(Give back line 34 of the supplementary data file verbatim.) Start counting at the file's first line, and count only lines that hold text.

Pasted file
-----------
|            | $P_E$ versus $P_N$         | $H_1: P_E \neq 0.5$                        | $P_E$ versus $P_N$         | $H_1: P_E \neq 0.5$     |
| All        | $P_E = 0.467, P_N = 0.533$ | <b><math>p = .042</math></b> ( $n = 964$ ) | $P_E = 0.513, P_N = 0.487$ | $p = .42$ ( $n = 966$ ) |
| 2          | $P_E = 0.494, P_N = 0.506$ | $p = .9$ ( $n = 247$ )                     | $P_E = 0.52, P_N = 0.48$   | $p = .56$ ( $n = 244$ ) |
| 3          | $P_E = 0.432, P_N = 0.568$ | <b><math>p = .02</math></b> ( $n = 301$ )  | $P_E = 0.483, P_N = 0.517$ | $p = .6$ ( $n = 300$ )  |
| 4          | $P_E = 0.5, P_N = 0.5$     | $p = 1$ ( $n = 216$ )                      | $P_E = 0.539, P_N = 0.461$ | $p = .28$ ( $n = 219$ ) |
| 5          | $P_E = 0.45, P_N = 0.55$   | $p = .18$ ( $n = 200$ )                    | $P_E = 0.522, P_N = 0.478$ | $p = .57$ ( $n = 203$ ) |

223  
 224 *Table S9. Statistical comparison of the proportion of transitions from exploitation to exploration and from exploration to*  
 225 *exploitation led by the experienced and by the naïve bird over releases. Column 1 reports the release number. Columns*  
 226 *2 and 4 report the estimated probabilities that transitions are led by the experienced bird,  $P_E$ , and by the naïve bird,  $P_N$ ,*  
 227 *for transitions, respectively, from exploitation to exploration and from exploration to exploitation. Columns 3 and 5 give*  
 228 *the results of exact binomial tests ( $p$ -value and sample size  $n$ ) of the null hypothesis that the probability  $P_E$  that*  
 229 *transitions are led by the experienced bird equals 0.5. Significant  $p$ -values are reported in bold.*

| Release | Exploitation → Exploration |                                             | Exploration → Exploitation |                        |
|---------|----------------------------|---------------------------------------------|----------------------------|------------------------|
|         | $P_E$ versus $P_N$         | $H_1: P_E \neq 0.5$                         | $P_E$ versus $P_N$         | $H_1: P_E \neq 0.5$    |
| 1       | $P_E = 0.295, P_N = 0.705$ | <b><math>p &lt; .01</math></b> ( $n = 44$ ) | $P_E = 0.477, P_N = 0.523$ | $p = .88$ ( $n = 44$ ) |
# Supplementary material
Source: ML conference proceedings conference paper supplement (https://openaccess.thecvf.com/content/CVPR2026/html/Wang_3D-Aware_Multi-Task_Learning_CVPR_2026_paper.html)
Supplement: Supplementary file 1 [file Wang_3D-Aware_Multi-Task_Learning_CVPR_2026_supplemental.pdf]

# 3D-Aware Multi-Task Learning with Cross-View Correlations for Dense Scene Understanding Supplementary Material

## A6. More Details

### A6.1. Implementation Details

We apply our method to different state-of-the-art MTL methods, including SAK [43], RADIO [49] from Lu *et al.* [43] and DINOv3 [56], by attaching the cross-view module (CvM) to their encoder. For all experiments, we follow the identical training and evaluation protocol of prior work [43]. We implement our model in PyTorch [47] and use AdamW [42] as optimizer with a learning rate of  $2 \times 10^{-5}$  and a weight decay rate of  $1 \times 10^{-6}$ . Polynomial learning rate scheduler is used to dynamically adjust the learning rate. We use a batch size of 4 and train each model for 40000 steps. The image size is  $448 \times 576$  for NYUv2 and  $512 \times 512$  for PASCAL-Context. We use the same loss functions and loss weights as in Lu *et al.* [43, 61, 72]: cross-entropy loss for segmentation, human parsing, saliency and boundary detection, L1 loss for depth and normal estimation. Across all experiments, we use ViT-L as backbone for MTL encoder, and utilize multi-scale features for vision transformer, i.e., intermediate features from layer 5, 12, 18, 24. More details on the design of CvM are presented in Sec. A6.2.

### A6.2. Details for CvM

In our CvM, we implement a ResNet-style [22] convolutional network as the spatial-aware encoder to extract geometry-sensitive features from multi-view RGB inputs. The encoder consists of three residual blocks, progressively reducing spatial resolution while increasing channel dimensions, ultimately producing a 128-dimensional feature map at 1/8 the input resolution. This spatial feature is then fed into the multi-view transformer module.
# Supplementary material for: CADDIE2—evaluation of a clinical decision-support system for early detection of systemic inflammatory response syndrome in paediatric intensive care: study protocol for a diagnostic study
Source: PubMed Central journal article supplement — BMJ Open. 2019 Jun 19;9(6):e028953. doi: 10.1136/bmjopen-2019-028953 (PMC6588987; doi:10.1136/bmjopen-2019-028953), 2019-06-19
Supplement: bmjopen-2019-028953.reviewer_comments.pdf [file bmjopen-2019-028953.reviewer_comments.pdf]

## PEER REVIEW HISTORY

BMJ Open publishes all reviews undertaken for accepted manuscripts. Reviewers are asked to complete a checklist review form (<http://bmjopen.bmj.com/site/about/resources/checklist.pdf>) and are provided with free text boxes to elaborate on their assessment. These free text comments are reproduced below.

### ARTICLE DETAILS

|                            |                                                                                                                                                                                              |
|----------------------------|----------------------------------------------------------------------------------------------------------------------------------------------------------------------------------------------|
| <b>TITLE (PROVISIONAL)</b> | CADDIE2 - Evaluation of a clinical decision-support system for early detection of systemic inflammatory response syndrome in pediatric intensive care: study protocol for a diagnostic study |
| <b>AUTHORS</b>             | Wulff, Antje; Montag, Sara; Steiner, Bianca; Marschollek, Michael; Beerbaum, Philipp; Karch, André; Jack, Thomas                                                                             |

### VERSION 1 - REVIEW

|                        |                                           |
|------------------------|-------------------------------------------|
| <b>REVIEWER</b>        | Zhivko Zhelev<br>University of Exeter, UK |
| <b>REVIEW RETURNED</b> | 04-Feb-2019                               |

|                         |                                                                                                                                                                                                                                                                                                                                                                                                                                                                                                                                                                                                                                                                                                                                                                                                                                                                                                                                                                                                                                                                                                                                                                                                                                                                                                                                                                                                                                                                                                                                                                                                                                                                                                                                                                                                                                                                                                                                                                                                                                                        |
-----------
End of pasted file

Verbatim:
|----------------------------|----------------------------------------------------------------------------------------------------------------------------------------------------------------------------------------------|